Men are the new minority in college


People walk between Lafferty Hall and the Lucille Little Library during UK’s first day of classes in Lexington, Ky. on Wednesday, August 26, 2015. Photo by Adam Pennavaria | Staff

Madison Rexroat

In a surprising turn of fate, men are the new minority on college campuses. In the 1970s, male students outnumbered female students 58 percent to 42 percent. Now, that ratio is reversed as more than 56 percent of students are female, outnumbering men by 2.2 million students nationwide. 

This difference starts long before move-in day freshman year. Anti-school feelings begin sprouting in boys as early as kindergarten as girls tend to academically outperform boys, especially in reading.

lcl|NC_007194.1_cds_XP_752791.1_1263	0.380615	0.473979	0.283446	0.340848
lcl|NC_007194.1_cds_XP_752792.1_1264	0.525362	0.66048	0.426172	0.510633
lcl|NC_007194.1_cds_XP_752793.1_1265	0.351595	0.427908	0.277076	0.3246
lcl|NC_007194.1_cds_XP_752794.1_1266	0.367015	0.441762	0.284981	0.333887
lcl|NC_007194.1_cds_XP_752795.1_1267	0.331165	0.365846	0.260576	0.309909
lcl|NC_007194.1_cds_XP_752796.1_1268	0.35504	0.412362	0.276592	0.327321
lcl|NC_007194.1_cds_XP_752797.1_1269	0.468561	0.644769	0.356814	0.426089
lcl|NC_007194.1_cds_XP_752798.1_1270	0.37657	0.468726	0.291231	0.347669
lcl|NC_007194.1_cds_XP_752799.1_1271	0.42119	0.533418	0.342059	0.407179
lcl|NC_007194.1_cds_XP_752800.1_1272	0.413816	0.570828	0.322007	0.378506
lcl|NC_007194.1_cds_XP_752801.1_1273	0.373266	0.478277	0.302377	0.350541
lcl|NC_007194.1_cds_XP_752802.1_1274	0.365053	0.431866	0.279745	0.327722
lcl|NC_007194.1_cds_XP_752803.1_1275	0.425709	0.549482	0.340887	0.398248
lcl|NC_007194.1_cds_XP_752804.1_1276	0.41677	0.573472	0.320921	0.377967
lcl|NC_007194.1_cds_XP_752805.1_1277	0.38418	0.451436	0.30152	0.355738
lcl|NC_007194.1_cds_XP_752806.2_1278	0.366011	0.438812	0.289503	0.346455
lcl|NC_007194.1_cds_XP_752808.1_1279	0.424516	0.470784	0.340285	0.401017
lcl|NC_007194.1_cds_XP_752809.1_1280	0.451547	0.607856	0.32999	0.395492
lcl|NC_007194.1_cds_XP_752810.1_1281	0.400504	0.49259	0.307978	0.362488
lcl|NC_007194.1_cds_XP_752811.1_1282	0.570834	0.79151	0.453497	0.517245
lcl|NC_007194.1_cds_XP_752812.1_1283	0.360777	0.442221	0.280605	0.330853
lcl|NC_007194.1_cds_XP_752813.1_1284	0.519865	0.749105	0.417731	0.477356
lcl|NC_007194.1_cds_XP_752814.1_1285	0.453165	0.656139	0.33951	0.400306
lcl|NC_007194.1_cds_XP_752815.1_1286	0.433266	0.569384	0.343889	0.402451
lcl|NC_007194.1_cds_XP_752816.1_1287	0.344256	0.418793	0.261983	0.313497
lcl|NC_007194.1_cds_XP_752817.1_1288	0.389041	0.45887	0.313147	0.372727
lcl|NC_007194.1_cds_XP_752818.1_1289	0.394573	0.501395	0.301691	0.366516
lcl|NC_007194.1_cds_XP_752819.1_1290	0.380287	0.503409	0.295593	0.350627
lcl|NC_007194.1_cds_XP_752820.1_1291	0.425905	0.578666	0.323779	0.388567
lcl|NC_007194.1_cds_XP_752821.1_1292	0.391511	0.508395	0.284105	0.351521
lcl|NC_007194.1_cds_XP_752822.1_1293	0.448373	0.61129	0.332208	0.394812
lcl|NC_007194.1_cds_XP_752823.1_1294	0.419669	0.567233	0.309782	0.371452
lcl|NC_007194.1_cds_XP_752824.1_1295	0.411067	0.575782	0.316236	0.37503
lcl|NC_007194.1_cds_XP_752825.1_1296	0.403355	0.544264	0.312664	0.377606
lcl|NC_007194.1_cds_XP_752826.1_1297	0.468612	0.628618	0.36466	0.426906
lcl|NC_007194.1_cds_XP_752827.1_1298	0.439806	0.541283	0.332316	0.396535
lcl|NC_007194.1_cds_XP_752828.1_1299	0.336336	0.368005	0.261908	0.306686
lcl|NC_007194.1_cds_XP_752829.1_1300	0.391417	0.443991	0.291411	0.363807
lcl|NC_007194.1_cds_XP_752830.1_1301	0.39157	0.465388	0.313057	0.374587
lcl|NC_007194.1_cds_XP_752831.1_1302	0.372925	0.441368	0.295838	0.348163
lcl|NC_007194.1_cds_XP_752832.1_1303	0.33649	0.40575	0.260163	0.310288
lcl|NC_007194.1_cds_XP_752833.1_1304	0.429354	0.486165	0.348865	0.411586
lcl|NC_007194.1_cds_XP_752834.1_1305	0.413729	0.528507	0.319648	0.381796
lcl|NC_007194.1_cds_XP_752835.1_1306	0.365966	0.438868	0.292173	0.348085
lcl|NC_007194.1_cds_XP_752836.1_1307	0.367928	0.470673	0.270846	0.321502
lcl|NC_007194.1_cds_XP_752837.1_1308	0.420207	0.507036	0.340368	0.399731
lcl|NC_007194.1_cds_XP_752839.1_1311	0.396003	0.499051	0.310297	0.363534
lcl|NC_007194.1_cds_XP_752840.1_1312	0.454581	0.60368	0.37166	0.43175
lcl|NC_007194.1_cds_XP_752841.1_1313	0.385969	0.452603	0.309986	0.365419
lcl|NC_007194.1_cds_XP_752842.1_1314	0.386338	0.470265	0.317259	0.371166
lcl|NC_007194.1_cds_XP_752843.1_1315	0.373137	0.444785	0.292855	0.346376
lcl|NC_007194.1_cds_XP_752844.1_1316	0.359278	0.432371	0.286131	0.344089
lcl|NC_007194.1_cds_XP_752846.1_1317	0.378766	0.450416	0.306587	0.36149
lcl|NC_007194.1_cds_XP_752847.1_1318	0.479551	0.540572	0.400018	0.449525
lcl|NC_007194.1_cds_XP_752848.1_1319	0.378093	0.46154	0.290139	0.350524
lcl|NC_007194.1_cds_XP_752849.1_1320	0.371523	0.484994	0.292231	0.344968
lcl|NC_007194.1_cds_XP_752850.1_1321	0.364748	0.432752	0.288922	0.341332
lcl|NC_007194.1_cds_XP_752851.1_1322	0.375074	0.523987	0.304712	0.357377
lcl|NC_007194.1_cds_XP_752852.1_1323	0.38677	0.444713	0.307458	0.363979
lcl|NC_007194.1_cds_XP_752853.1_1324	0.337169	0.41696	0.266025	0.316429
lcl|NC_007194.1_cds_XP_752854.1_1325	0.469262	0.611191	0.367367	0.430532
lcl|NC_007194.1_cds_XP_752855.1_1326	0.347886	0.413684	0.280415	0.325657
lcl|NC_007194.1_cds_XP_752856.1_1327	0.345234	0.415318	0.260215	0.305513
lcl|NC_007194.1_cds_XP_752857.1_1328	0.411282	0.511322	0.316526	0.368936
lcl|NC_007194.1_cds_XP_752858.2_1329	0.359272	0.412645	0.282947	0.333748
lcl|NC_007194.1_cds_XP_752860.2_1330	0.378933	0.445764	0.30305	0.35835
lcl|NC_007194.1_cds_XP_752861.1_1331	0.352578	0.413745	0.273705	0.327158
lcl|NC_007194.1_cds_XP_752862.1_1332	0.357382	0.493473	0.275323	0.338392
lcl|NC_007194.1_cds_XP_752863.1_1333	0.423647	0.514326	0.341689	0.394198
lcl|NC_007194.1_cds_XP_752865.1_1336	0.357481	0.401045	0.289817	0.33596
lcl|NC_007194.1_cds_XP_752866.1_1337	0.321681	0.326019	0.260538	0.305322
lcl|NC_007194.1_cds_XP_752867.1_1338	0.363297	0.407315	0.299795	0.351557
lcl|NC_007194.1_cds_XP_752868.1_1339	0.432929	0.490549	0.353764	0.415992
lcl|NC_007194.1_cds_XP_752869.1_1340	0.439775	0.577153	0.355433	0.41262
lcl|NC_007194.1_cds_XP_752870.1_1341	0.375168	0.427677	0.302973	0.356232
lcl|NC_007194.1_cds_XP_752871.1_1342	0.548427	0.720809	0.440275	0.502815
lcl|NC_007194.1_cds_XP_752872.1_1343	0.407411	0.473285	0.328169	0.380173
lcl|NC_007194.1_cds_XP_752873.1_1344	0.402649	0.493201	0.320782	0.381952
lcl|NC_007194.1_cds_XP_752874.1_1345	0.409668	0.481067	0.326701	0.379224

Cost and time are also factors, especially considering the potential weak payoffs. Some men are ready to start working right out of high school instead of going through four more years of not making money. Shorter vocational programs and trade work are more appealing immediately as workers earn more money right away, although in the long-run they earn 56 percent less than those with a bachelor’s degree. 

There has also been significantly more effort from colleges and society to encourage girls to go to college. These initiatives have been powerfully effective and should continue, but as college enrollments drop, schools will have to reach out to everyone, even those considered no-brainers.

To read the full article in The Atlantic, click here.